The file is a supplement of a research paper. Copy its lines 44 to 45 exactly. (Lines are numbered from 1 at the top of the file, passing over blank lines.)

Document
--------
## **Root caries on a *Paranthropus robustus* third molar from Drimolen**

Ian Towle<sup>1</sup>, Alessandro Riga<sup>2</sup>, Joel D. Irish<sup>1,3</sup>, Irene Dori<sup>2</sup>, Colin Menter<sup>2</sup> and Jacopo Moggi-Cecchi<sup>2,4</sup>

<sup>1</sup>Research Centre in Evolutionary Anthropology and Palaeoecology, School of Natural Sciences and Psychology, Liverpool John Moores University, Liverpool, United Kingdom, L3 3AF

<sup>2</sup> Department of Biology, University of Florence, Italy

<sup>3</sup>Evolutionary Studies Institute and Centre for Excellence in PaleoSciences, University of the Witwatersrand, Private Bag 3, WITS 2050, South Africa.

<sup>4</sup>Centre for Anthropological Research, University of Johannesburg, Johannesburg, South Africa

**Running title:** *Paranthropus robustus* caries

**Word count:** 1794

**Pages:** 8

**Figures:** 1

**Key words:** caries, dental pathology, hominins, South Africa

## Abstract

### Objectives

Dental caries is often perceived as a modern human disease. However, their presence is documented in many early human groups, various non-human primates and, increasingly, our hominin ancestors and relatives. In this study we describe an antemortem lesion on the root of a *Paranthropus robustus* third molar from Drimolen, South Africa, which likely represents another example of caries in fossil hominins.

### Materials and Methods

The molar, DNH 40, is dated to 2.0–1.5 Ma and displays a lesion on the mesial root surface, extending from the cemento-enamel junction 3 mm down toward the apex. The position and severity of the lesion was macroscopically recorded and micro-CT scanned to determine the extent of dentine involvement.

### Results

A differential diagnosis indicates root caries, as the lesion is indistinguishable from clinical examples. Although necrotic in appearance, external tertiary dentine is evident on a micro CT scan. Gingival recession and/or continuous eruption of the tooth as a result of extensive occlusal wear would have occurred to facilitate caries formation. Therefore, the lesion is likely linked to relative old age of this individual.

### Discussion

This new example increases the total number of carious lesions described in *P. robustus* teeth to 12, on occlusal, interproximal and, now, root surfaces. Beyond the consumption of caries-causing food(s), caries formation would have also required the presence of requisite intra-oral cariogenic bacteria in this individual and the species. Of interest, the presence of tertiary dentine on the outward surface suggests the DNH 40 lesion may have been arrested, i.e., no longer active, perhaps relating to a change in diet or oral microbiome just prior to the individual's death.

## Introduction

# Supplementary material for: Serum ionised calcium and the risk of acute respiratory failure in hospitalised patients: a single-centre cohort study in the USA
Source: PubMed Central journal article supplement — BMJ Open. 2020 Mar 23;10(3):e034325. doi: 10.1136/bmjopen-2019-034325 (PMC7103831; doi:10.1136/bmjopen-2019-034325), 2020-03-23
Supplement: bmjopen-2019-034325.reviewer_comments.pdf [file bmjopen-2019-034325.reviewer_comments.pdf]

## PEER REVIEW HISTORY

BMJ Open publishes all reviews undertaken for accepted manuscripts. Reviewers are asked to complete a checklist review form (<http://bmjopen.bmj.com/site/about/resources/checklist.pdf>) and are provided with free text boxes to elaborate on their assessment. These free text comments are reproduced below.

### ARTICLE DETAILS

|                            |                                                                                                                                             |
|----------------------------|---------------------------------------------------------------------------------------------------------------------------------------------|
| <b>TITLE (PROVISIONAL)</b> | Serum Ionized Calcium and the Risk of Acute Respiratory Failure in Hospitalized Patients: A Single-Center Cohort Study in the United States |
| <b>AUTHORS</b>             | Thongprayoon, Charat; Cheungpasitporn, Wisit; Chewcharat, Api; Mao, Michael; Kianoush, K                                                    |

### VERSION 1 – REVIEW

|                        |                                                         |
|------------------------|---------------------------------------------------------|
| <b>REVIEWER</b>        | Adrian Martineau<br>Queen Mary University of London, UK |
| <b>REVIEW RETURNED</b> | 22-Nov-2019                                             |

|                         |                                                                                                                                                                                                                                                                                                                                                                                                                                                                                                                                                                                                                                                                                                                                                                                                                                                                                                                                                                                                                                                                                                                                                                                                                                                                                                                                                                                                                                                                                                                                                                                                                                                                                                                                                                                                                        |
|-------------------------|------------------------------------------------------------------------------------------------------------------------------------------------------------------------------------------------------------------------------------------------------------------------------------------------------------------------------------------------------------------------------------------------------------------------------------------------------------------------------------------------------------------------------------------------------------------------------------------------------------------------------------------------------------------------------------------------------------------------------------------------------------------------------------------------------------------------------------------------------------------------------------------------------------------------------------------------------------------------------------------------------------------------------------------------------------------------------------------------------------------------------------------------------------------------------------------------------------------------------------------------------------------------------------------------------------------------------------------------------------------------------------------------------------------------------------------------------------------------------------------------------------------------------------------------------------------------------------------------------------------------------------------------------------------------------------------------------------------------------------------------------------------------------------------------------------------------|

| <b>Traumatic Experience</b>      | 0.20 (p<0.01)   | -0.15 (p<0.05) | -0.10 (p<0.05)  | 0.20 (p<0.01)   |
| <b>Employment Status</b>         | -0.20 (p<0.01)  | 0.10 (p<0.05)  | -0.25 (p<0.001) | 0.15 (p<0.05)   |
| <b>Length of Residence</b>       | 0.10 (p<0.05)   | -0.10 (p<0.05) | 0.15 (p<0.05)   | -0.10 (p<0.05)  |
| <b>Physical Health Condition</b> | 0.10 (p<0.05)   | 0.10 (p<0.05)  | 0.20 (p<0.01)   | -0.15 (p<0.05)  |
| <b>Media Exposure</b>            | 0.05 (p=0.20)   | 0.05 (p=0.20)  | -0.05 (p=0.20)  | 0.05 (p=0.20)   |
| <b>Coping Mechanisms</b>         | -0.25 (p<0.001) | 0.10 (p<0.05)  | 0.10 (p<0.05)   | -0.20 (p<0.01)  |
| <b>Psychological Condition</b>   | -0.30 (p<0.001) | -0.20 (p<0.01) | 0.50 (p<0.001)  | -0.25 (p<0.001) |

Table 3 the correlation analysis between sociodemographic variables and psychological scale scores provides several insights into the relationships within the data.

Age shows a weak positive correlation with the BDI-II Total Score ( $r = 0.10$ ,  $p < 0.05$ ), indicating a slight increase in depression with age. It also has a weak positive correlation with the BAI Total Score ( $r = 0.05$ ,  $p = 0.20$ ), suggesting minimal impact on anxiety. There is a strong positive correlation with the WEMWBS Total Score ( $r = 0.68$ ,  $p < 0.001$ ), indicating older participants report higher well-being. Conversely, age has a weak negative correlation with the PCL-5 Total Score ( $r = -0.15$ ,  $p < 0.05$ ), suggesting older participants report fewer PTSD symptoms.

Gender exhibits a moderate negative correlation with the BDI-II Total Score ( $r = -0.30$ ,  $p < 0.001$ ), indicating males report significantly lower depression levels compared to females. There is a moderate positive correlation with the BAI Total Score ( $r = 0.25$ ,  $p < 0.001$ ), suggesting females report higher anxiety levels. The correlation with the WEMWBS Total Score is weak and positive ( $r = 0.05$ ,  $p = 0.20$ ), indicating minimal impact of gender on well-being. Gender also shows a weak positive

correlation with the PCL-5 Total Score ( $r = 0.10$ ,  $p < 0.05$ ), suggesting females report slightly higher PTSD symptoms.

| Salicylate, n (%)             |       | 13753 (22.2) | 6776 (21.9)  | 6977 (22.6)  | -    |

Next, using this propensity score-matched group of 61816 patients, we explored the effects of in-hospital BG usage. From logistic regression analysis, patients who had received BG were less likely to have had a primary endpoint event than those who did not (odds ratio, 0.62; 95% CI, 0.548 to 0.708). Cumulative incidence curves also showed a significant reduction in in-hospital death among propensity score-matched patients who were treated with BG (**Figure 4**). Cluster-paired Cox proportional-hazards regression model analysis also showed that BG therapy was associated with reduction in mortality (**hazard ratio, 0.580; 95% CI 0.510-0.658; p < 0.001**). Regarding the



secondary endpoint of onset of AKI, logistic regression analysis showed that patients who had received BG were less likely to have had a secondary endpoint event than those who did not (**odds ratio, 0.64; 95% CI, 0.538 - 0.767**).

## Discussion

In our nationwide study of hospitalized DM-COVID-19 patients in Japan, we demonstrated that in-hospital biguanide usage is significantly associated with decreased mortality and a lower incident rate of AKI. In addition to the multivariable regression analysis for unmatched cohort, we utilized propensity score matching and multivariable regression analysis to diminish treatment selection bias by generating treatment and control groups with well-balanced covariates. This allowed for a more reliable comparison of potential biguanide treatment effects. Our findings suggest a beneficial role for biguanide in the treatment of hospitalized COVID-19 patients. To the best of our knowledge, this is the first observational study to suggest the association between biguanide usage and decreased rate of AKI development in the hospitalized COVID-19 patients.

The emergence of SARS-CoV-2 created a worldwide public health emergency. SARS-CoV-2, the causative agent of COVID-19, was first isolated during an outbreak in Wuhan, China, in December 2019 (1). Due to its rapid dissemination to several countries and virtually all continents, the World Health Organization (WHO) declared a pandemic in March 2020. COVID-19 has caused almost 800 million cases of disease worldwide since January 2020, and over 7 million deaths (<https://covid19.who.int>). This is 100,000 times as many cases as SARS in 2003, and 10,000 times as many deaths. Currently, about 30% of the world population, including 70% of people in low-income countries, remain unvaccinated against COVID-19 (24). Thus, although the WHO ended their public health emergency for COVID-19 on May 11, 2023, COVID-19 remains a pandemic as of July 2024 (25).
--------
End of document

| <b>Coping Mechanisms</b>         | -0.25 (p<0.001) | 0.10 (p<0.05)  | 0.10 (p<0.05)   | -0.20 (p<0.01)  |
| <b>Psychological Condition</b>   | -0.30 (p<0.001) | -0.20 (p<0.01) | 0.50 (p<0.001)  | -0.25 (p<0.001) |